Lead-Free Solder



Lead-Free Solder

Shop for lead-free solder, including Sn96 and Sn99 alloys, available in a variety of diameters and lengths. Our lead-free solder features excellent wettability and hard non-conductive residues. 

We have spools of lead-free solder up to one pound as well as lead-free solder tubes. In addition, we carry solder tip tinner for repairing oxidized tips, optimizing the performance of your soldering equipment, and prolonging the life of new soldering iron tips.

What is Solder?

Solder (pronounced “sod-der” or “sole-der,” depending on where you are from) is a type of metal alloy that, under the right conditions, melts and joins two objects together. The act of melting solder to fuse surfaces together is called soldering.

What is Lead-Free Solder?

Originally, almost all solder had some form of lead because lead melted at lower temperatures and counteracted some of the negative effects of tin, which can form tin whiskers and eventually short-circuit or damage PCBs. 

Lead-free solder was developed in the early 2000s to help industries move away from lead solders, which can be hazardous to health.  These types of solders forgo lead and instead rely on higher concentrations of tin and the addition of alloys like copper and silver to achieve similar characteristics as lead solder. 

Although safer than lead solders, lead-free solder melts at higher temperatures than lead solder and can lack some of the wettability and tensile strength that lead solder offers. Typically 60/40 tin-lead solder will become liquid at 361°F.  The rule of thumb is the higher the tin content, the higher the melting point and product cost.

Unleaded Solder Uses

Lead free solder has a variety of applications, from soldering PCBs to making art. In most cases, lead-free solder can be used in place of lead solder, although you will need to make sure the soldering iron or equipment you are using can reach the high melting temperatures these types of solders require. Common lead-free solder uses include:

  • Soldering circuit boards (also known as SMT soldering)
  • Soldering stained glass
  • Soldering jewelry
  • Soldering in plumbing

It’s also important to review your local laws and regulations around lead solder. In some places, lead free solder is the only kind of composition you can use. 

Additionally, any soldering projects that run the risk of infiltrating water supply or being too close to humans or animals should only use lead-free alloys. Furthermore, the area surrounding the soldering station should be equipped with a smoke absorber and well-ventilated.

Lead-Free Solder vs. Lead Solder

The key differences between lead-free and lead solder are the melting points, wettability, conductivity, price, and strength.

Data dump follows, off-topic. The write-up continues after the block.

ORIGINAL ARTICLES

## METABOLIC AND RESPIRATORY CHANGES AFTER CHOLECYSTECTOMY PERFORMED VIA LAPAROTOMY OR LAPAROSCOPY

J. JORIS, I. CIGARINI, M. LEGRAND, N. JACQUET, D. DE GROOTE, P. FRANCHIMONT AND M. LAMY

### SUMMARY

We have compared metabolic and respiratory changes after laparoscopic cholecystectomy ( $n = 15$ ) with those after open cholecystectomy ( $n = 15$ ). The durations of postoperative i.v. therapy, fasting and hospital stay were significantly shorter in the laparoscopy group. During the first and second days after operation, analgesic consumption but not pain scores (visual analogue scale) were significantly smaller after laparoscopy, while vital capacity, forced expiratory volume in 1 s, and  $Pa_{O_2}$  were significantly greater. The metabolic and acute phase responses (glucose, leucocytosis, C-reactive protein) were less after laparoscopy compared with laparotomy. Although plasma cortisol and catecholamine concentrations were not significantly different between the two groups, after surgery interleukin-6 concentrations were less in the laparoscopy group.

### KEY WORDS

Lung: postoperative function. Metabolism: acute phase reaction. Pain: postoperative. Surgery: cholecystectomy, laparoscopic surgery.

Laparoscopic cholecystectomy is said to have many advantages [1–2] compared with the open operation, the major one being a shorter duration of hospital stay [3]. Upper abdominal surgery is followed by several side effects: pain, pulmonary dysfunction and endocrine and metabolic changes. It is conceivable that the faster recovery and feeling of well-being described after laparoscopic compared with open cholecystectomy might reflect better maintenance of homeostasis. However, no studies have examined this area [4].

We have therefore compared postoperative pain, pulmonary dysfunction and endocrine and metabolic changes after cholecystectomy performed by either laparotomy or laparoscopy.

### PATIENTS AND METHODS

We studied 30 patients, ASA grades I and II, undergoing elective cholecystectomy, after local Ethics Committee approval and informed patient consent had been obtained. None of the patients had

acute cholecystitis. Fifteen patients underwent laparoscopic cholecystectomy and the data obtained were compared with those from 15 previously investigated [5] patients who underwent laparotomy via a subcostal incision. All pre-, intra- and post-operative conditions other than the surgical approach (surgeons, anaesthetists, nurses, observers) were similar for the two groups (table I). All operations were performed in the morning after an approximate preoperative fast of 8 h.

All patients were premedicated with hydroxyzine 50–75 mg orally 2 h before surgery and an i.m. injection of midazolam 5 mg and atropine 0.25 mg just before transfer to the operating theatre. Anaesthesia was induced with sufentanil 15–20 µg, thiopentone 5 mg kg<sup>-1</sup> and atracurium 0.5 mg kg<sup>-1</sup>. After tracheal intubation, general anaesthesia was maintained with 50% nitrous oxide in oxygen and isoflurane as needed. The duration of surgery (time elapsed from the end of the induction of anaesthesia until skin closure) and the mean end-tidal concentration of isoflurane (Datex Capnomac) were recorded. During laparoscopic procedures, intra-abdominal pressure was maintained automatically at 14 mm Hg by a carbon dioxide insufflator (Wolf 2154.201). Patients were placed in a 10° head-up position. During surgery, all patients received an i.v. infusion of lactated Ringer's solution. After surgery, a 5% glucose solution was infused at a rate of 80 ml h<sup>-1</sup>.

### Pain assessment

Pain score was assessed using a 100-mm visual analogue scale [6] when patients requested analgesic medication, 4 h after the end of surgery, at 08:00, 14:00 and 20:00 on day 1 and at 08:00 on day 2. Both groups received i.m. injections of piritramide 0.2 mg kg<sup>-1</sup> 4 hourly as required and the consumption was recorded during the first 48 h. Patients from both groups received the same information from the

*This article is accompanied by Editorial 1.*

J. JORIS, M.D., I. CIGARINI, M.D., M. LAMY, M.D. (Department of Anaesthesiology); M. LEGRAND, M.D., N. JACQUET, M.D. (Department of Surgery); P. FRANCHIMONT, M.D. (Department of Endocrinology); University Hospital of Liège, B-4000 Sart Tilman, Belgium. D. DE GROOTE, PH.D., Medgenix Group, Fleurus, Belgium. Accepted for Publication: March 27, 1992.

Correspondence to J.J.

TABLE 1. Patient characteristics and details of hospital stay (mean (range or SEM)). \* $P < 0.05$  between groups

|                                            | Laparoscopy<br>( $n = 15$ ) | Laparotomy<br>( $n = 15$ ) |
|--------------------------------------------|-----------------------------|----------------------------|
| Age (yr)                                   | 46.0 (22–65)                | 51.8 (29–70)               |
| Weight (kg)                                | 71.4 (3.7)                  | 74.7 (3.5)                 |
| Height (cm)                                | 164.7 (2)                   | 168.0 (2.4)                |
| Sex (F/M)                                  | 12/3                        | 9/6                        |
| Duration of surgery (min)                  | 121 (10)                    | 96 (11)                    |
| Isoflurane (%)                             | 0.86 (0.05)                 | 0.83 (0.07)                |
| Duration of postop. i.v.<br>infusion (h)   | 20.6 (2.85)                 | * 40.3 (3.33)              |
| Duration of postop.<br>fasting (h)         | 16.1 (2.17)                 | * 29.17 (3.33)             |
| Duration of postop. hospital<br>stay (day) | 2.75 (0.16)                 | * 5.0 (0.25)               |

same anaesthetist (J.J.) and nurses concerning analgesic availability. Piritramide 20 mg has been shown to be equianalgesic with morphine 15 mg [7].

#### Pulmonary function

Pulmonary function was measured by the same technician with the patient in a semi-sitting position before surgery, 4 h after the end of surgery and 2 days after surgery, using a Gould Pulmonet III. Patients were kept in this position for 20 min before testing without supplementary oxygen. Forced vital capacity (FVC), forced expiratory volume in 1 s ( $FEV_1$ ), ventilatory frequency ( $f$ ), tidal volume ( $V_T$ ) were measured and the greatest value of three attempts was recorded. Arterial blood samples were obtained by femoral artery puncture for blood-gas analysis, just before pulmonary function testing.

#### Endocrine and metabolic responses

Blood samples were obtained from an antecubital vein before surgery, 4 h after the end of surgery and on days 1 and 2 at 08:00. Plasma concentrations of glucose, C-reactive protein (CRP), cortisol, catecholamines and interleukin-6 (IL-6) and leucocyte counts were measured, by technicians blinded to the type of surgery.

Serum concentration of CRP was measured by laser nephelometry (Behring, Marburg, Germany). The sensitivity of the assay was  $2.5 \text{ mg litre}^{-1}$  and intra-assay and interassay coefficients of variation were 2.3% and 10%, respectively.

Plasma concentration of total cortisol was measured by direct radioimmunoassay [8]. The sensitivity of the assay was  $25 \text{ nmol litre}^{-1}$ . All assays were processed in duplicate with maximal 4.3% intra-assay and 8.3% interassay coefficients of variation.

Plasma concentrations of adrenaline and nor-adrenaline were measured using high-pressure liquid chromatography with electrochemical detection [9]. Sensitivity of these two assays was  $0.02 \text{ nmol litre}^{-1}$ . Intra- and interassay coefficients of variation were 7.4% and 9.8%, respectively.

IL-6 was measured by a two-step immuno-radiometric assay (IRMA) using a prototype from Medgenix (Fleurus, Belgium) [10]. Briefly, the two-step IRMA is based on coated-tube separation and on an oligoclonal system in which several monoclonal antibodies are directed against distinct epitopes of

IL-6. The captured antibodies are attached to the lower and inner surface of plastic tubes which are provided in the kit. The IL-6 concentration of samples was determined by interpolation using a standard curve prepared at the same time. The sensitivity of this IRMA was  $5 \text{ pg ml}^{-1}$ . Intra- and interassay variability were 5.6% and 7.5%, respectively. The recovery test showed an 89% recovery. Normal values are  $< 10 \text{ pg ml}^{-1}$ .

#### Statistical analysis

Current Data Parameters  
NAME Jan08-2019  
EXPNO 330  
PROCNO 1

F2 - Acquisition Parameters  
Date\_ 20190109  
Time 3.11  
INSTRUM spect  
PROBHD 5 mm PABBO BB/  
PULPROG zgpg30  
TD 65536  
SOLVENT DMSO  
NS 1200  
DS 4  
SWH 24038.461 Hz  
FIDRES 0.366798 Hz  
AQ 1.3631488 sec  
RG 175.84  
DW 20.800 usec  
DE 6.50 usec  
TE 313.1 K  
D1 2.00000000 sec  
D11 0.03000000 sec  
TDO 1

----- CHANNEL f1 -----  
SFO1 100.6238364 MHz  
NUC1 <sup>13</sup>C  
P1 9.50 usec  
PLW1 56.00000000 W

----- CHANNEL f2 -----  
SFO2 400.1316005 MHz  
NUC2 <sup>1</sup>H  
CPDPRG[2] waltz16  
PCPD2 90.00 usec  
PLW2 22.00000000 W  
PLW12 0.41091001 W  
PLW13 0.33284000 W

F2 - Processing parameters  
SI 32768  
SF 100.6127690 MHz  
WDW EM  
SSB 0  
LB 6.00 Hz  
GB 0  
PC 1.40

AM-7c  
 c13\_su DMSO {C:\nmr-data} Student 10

Lead Solder tends to be less expensive, more wettable, more conductive, and overall stronger than lead free solder. Lead solder also melts at (relatively) low temperatures. For example, Sn60 Pb40 (a common lead alloy) melts at 183°C or 361°F. Leaded solders are also eutectic, meaning they melt and solidify at a single temperature (not a temperature range)

Lead Free Solders often have higher tin concentrations than lead solder to help improve wettability and make up for the disadvantages of forgoing lead. This high tin concentration generally means lead free solder is more expensive. The main advantage to lead free solder is the absence of potential lead poisoning.

It’s no surprise why lead solder is often preferred over lead-free options. However, many governments and industries are working to move completely away from lead solder because of the detrimental health effects. 

For this reason alone, it’s worth becoming familiar with lead-free solder and staying up to date on new compositions that might provide better wettability and lower melting points.

Lead Free Solder Types: Common Alloys & Composition

Although there are several compositions for lead free solder, the most common lead free allys for electrical soldering are tin-silver-copper (SnAgCu or SAC solder) and tin-copper (SnCu). Tin-silver-copper alloys (SAC solder) is ideal for soldering electronics and PCBs if lead solder is unavailable or undesired. 

Solder compositions are often written with numbers to represent the percentages of each material. For example,  solder made of 96.3% tin, 3% silver, and 0.7% copper would be written as Sn96.3 AG3 Cu0.7.

SnAgCu (tin-silver-copper) lead free solder alloys are popular for their low melting point (217 °C, 423 °F). Additionally, compositions high in silver (3% to 4%) can become true eutectic alloys that melt and solidify at the same temperatures. The silver also provides more mechanical strength than other lead free alloys, but may not be as wettable as alloys without silver. SAC solder compositions high in tin, like the Sn99/Ag0.3/Cu0.7, have better wettability. Overall, SAC or tin-silver-copper alloys are ideal for soldering SMT components.

SnCu (tin-copper) lead free solder alloys are also designed for soldering electronics, although it lacks some of the advantages of SnAgCu solders. For one, SnCu solder alloys are not as mechanically strong as SAC alloys (due to the lack of silver). Tin-copper alloys also melt at nearly 10°C higher than tin-silver-copper compositions. However, SnCu is a slightly more affordable option than SAC lead free alloys.